Don't have an account? Create one now

2007 Waste – Co-winner 1

City of Hamilton

Green Cart Program

Population: 500,736

In 2001, Hamilton city council approved a solid waste management master plan (SWMMP) that aimed to divert 65 per cent of waste from landfills by 2008. The Green Cart program, implemented in 2006, is an integral part of this plan. Following small-scale demonstration projects, green carts were distributed to residents between April and June 2006. Since then organic waste, separated at source, has been collected each week from about 150,000 households and delivered to the newly constructed central composting facility, which can process up to 60,000 tonnes per year. In its first six months, the facility received 22,565 tonnes of material. Curbside waste audits after just the first three months showed a 55 per cent diversion rate, compared with only 33 per cent before the project's implementation. Along with substantial environmental benefits, the city has profited financially by avoiding the expense of creating another landfill.

Background

Hamilton's population is distributed over an area of 112,835 hectares. While 64 per cent of this area is agricultural or rural land, the majority of citizens live in the urban centre. There are 192,910 households, of which approximately 30 per cent live in multi-residential units.

Building on the city's long-range sustainability plan, Vision 2020, the SWMMP contains a list of recommendations for managing municipal waste over the next 25 years. Central to these recommendations is the goal to divert 65 per cent of waste away from landfills by 2008. Since household organic and yard waste make up 43 per cent of all waste generated by the municipality, a city-wide compost collection program was seen as essential to achieving this objective. By removing organic waste from the landfill, the city aimed to reduce leachate and to curb emissions of methane and other greenhouse gases (GHGs). The city also wanted to extend the life of Hamilton's Glanbrook landfill site, since the cost of finding a new landfill site has been estimated at $100 million.

Planning for the program began more than four years prior to the start date and two demonstration trials were carried out to evaluate the logistics of collection, using a limited number of households. An external project manager was hired to oversee the planning and implementation of the program. Four additional staff were hired for 18 months to provide customer service support via telephone and in person, and 10 permanent waste collection positions were added to the city's contingent. Ten co-op students provided community outreach services over an eight-month period, educating citizens about the program.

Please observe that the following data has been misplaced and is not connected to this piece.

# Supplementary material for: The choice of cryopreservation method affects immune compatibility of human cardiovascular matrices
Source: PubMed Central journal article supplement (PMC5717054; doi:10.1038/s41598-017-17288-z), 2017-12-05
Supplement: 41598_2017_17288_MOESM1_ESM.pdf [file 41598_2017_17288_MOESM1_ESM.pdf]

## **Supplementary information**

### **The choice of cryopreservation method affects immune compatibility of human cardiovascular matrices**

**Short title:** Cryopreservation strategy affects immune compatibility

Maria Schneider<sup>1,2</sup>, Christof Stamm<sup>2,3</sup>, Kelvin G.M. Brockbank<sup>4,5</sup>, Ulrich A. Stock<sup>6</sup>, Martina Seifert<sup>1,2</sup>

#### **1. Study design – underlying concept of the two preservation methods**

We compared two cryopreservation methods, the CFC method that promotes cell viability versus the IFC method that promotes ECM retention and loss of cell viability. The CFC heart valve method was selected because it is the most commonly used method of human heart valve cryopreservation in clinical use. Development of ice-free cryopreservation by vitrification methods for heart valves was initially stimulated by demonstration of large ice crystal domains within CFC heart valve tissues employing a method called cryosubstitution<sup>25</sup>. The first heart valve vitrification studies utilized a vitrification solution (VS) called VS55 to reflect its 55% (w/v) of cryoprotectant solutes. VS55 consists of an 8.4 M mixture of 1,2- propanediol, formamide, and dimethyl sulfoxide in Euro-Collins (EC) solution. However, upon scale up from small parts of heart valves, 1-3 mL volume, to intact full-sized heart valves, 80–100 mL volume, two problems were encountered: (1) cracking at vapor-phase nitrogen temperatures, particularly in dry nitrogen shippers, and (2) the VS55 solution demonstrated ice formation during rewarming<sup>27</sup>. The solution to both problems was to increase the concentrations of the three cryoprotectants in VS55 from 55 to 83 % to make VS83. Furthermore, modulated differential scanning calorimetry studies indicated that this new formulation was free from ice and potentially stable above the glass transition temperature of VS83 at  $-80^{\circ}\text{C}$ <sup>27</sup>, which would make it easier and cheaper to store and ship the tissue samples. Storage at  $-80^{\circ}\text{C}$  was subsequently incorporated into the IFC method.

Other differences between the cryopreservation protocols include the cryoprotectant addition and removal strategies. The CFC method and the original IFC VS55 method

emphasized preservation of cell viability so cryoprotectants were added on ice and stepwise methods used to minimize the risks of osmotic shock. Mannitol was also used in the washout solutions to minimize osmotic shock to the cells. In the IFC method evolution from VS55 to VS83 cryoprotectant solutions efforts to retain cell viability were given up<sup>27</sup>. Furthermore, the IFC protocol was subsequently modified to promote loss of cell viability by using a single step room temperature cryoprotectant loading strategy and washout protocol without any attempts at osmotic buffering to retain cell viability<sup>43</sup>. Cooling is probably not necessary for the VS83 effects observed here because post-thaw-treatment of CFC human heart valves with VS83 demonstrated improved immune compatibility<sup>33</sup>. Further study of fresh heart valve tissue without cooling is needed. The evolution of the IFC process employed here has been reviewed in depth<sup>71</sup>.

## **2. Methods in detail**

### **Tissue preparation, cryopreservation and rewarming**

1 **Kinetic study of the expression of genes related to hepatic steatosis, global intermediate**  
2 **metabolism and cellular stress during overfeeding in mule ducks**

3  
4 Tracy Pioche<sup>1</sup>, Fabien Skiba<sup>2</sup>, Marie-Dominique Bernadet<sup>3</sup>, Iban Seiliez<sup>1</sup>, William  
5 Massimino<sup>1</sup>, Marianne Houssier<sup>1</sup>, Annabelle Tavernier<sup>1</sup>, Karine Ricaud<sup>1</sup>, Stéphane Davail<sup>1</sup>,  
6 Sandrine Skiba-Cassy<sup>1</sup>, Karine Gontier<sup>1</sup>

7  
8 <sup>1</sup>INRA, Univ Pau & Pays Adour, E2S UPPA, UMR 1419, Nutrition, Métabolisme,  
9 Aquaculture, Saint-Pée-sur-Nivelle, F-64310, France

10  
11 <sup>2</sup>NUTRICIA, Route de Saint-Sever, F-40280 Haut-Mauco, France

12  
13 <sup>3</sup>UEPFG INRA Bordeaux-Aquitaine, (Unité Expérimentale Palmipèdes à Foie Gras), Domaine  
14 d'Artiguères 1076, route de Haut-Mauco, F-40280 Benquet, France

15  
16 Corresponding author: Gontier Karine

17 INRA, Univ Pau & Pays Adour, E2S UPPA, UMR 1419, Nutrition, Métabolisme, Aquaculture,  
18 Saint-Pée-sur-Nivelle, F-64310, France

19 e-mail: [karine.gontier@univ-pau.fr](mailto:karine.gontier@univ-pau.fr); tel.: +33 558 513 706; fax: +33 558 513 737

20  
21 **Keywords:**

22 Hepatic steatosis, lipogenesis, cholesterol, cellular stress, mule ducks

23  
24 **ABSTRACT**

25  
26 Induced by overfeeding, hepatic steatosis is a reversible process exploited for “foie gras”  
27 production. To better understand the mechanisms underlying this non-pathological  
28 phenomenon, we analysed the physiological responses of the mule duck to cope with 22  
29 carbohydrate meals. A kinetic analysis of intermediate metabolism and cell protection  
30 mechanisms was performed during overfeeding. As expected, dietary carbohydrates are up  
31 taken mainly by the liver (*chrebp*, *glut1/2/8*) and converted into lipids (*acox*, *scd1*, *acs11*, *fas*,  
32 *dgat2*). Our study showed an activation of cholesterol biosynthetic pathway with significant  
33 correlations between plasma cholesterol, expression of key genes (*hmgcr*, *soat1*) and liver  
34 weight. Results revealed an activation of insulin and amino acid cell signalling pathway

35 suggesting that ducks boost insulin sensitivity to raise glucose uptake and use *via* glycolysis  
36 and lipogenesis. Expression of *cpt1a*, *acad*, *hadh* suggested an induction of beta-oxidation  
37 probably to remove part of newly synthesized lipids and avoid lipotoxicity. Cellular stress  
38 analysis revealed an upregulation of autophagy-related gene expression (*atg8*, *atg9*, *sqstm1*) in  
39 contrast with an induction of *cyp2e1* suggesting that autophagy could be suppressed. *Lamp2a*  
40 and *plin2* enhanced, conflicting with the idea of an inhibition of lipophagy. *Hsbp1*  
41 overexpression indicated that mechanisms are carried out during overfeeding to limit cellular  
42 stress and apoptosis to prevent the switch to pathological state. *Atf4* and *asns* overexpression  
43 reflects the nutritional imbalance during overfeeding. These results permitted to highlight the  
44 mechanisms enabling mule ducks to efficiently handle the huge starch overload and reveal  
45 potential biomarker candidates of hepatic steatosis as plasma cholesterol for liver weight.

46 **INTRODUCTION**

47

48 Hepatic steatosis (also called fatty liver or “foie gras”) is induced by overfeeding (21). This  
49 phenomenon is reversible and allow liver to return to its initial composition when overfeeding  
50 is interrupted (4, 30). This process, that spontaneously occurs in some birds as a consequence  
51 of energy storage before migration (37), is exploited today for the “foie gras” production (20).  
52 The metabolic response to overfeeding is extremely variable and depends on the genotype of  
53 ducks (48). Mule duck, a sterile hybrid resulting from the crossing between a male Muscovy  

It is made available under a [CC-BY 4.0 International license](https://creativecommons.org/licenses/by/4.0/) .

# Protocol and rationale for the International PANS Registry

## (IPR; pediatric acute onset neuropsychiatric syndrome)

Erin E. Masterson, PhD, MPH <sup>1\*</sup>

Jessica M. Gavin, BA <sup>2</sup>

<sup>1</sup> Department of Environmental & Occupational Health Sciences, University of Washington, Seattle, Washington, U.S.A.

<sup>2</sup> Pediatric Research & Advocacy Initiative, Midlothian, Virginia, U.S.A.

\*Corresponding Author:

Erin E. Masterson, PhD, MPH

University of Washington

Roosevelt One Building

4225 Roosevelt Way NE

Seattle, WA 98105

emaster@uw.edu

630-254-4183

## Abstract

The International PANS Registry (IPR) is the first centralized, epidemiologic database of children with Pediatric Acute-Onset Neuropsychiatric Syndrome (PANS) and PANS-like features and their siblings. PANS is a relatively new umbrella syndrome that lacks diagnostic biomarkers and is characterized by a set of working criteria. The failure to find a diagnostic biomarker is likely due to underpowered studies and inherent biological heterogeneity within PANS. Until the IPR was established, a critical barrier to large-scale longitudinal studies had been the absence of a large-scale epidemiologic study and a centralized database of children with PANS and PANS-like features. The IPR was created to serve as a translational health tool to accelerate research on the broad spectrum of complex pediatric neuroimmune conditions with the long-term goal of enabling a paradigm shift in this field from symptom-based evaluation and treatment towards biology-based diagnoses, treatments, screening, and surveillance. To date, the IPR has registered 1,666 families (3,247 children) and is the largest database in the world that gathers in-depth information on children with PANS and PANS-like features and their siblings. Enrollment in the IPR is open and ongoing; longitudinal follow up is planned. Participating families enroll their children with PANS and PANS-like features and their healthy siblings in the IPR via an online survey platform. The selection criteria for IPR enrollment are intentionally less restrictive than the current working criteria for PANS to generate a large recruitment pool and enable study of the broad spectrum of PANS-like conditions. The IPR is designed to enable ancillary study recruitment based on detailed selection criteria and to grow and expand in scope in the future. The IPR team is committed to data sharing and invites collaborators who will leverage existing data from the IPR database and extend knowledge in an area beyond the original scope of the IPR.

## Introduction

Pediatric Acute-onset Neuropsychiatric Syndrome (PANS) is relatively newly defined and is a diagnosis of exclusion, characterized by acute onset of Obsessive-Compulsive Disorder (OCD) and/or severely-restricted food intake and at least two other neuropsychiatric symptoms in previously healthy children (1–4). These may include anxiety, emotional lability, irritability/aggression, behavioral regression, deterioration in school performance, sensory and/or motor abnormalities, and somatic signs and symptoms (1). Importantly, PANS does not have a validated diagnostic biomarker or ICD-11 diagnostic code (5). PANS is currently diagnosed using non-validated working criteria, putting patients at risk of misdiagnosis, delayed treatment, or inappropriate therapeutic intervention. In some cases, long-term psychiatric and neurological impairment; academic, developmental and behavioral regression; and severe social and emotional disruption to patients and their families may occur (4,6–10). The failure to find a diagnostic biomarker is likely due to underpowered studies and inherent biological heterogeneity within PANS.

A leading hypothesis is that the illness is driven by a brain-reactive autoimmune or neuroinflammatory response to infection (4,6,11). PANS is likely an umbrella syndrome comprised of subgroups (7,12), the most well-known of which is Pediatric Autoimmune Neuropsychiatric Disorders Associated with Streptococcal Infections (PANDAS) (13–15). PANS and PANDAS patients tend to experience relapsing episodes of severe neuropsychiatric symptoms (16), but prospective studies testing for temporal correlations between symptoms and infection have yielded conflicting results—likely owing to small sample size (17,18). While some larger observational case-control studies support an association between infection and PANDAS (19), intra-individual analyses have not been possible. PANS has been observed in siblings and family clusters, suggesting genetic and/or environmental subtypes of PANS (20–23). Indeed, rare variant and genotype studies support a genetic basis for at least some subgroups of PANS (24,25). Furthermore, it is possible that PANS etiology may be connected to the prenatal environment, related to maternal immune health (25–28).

Results

  • Locating the central composting facility in an industrial area, on a former brownfield site, created a minimal impact on the community.
  • The program has substantially extended the life of the city's Glanbrook landfill site, saving the approximate $100 million cost of creating a new landfill.
  • By collecting organics along with garbage, additional vehicle use and the resulting GHG emissions were avoided. GHG landfill emissions have also been curtailed by diverting organic waste.
  • Progress has been monitored through daily weighing and regular waste audits. Between June 1 and November 30, 2006, 22,565 tonnes of organic waste were received. Curbside audits showed a monthly diversion rate of 55 per cent in August 2006, a notable increase from the 33 per cent rate prior to the program.
  • Between August and November 2006, 3,625 tonnes of compost, which met the highest quality standard of the Canadian Council of Ministers of the Environment (CCME), were marketed.
  • Since the organics program began, the amount of recyclables collected by the city's Blue Box program has risen by seven per cent, indicating a growing environmental awareness in the community and concern for waste reduction.

Lessons Learned

  • CUSTOMIZE YOUR COMMUNICATIONS. The "Green Team" provided essential face-to-face communication with citizens as the green carts were being delivered to their homes. As Beth Goodger, the city's director of waste management, notes, "by being there at the property to show people that storage was no more complicated than their regular garbage, it was easier to address individual concerns about odours, pests and convenience."
  • START SMALL. City employees were able to gather important information regarding participation rates, volume of material and time per stop from the pilot projects from 2002 to 2004. In addition to being useful for determining RFP costs and requirements, the demonstration projects also prepared city council and residents for the full-scale program.
  • TAKE ADVANTAGE OF PRIVATE-SECTOR EXPERTISE. The design-build-operate approach taken by the municipality for construction of the composting facility ensured a state-of-the-art building that incorporated design improvements as construction progressed. It also meant that the company building the structure took an active role in maintaining it, thus contributing to the stability of the program.
  • EXPECT CONTINGENCIES. Even though planning began more than four years before the start date, contingency planning was necessary because the central composting facility was not finished and some of the co-collection vehicles were not yet available. It was important for the city to adapt to new situations as they arose.

Partners and Collaboration

  • Aim Environmental Group
  • Associated Engineering
  • Christiaens Controls B.V.
  • Consulate General of the Kingdom of the Netherlands
  • Dillon Consulting
  • FCM's Green Municipal Fund
  • Maple Reinders Constructors Ltd.
  • Metric Electric Inc.
  • National Waste Services Inc.
  • Ontario Ministry of the Environment
  • Ontario Waste Management Association
  • SWMMP Steering Committee
  • Waste Reduction Task Force Citizen Committee
Page Updated: 21/12/2015